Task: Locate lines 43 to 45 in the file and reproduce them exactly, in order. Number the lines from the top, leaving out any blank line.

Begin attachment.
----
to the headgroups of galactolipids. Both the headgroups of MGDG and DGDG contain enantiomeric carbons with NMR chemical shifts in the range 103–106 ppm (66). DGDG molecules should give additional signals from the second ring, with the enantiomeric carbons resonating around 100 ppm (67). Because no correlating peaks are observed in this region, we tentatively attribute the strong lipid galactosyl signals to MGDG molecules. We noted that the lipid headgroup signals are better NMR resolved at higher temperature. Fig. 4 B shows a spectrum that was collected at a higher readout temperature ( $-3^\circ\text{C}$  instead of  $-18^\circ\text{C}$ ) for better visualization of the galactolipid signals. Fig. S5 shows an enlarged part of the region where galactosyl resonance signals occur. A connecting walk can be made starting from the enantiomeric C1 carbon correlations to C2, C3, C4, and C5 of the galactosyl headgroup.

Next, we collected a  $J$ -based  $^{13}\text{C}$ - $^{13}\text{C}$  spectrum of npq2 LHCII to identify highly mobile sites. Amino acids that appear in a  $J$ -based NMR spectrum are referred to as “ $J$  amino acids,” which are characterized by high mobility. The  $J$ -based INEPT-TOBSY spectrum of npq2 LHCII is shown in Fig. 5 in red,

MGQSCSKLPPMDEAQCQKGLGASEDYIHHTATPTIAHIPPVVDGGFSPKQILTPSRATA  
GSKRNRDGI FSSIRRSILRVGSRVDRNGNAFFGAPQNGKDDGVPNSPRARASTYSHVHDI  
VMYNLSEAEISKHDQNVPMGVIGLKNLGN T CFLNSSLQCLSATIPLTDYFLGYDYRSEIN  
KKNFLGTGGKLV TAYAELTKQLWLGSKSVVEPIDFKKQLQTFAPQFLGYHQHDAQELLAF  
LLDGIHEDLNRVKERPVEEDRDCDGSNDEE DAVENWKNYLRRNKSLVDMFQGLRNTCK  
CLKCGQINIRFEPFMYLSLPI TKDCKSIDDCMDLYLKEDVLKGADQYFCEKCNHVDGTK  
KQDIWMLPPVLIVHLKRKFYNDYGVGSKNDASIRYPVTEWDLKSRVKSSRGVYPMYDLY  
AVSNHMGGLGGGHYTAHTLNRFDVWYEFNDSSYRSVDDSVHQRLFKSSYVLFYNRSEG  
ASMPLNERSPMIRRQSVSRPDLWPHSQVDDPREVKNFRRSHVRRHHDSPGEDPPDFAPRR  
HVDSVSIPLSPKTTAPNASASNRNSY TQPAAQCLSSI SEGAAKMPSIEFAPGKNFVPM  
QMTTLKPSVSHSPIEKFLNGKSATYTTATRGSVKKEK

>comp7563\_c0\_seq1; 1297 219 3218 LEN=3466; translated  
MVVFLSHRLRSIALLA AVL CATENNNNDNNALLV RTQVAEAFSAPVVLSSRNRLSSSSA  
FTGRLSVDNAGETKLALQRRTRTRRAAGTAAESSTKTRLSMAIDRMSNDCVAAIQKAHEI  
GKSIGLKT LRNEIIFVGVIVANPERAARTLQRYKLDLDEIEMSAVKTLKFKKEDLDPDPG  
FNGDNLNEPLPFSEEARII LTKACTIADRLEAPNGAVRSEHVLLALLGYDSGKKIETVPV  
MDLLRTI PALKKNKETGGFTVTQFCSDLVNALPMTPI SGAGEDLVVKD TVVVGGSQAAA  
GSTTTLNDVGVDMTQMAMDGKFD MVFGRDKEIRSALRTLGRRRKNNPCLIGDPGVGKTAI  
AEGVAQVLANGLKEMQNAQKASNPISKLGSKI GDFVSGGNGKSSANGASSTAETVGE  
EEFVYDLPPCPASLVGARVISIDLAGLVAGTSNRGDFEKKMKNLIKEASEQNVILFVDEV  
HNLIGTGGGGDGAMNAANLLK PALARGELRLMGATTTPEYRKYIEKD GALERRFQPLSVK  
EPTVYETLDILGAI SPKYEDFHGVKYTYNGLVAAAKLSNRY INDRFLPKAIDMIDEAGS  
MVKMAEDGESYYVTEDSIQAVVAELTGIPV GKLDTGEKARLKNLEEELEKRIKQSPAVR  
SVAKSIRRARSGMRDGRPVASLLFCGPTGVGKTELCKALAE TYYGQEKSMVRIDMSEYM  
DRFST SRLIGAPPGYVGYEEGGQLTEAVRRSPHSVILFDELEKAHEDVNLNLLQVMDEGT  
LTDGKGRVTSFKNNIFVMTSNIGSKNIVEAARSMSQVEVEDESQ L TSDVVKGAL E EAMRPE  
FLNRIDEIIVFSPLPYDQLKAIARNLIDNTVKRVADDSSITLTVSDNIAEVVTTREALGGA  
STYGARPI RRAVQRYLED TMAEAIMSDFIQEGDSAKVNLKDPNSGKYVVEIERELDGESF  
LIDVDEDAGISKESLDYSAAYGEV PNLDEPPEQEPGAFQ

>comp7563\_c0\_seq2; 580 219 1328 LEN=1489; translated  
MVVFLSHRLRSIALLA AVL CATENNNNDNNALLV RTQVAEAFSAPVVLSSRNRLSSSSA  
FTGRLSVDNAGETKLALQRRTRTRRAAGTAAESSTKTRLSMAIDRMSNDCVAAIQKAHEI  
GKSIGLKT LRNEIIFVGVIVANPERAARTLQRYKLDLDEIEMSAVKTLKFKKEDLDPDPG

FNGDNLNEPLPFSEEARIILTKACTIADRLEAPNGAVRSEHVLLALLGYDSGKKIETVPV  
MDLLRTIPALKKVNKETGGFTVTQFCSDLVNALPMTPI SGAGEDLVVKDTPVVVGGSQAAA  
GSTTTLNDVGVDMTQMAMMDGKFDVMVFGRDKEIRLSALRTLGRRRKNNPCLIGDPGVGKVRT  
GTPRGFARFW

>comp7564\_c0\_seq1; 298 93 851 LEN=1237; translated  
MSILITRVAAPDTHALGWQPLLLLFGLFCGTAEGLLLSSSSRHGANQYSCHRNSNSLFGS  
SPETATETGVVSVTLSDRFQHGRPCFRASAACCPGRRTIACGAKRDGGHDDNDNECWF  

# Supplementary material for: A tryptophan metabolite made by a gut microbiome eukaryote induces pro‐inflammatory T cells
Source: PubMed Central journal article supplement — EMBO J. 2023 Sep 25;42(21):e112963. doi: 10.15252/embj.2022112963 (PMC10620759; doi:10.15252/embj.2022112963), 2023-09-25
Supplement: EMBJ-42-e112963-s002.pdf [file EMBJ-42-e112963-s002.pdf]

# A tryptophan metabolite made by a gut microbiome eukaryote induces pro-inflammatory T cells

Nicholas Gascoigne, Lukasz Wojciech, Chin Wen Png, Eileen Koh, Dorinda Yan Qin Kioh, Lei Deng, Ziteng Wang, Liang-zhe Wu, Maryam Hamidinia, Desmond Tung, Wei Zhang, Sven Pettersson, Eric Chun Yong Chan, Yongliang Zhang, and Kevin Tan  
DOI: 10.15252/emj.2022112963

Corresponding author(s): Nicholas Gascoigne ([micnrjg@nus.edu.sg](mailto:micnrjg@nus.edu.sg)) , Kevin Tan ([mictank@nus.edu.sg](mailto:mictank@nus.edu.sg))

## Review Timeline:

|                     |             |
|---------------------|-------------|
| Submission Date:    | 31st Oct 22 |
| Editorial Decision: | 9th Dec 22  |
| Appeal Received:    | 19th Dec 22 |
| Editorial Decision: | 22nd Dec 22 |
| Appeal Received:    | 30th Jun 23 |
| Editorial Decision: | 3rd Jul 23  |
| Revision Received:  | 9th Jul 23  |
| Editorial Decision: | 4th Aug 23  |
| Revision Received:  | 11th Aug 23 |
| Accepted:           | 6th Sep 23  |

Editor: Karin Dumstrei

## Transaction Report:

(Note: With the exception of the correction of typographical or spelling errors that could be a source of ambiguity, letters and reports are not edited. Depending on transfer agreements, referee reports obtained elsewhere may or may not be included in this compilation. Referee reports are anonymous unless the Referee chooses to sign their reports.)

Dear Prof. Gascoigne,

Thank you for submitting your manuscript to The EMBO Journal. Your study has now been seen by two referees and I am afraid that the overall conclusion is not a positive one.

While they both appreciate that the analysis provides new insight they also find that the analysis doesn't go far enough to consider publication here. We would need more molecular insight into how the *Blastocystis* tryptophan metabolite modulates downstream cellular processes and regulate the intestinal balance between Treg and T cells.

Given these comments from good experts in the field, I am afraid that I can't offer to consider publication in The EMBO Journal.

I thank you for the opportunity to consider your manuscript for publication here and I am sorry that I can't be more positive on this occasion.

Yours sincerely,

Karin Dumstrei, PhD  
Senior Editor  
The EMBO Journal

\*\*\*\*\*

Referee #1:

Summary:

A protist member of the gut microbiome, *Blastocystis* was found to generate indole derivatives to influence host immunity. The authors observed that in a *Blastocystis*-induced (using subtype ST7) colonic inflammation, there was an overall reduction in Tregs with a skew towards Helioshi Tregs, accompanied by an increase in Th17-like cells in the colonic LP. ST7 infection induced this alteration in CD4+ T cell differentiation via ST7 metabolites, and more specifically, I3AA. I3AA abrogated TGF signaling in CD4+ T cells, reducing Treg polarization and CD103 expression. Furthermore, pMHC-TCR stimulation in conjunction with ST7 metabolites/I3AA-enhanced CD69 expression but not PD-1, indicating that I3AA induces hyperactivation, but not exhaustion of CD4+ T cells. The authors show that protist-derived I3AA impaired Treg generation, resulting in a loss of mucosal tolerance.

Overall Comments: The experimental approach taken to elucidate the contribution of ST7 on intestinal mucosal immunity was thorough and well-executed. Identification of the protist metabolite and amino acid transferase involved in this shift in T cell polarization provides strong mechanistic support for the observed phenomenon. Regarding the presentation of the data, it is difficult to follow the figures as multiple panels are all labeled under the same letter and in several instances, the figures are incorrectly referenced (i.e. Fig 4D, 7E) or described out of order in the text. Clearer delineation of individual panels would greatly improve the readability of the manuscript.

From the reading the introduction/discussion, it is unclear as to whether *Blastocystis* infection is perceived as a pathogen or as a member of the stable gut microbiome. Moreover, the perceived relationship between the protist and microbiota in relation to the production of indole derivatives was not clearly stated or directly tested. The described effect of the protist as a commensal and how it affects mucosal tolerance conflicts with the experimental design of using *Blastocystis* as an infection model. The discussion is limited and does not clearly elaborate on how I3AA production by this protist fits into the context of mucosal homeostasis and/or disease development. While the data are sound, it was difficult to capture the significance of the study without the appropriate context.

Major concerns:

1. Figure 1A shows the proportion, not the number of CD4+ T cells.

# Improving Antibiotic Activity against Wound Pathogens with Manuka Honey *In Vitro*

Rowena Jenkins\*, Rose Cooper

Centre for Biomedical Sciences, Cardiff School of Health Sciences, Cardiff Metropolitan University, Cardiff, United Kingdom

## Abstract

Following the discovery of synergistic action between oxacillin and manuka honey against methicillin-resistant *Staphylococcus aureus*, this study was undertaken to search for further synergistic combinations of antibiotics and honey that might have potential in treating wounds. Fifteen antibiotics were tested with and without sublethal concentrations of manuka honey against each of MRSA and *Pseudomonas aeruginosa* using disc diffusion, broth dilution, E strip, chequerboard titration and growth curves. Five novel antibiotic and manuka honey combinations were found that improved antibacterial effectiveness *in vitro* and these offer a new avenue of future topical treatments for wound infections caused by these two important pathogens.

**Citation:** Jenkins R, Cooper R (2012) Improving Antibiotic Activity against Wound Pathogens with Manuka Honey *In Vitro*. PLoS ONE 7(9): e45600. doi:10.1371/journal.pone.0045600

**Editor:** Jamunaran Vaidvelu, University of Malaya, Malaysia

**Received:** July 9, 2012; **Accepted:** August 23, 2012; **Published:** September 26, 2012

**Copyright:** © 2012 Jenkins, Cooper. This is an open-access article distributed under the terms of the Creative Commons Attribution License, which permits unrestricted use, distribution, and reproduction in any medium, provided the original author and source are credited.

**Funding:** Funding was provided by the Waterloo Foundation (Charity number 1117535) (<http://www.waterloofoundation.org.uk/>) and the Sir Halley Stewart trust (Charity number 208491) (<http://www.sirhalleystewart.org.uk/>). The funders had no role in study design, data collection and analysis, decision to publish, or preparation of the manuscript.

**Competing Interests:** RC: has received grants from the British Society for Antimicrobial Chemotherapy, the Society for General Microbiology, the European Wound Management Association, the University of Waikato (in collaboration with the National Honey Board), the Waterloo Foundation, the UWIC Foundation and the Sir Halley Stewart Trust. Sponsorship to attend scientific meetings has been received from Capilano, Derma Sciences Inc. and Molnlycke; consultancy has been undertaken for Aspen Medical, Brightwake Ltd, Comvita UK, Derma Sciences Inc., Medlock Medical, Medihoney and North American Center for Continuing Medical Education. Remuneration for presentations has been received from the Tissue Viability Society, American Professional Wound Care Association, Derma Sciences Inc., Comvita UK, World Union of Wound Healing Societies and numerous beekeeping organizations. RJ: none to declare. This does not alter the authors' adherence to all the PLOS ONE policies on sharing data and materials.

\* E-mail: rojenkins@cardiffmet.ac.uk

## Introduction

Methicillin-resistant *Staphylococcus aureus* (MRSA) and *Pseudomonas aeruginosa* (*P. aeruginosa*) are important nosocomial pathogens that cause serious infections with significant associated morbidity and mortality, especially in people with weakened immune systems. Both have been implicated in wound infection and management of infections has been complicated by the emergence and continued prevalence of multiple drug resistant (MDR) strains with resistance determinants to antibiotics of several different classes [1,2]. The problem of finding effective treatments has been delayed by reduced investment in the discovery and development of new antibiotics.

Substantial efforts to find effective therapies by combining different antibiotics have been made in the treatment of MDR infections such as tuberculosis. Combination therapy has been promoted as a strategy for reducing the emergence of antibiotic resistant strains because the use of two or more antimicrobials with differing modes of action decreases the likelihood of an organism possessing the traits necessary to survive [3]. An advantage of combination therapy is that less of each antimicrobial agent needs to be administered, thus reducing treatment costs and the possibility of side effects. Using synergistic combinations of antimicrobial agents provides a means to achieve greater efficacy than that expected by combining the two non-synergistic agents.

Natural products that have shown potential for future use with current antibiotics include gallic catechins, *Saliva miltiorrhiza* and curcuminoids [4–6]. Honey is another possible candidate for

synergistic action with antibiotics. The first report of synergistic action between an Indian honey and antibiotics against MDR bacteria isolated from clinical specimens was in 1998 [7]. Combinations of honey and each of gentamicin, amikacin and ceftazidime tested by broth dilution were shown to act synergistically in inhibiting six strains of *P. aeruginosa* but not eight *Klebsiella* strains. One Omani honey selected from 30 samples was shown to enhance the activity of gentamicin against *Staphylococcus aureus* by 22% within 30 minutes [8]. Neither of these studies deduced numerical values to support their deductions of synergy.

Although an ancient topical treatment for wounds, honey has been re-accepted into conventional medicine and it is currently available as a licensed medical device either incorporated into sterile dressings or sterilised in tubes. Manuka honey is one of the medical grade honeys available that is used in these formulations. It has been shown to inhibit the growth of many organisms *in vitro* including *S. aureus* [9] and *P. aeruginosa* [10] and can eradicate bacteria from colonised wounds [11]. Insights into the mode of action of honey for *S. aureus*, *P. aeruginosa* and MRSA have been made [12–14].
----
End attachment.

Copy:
# Supplementary material for: A tryptophan metabolite made by a gut microbiome eukaryote induces pro‐inflammatory T cells
Source: PubMed Central journal article supplement — EMBO J. 2023 Sep 25;42(21):e112963. doi: 10.15252/embj.2022112963 (PMC10620759; doi:10.15252/embj.2022112963), 2023-09-25
Supplement: EMBJ-42-e112963-s002.pdf [file EMBJ-42-e112963-s002.pdf]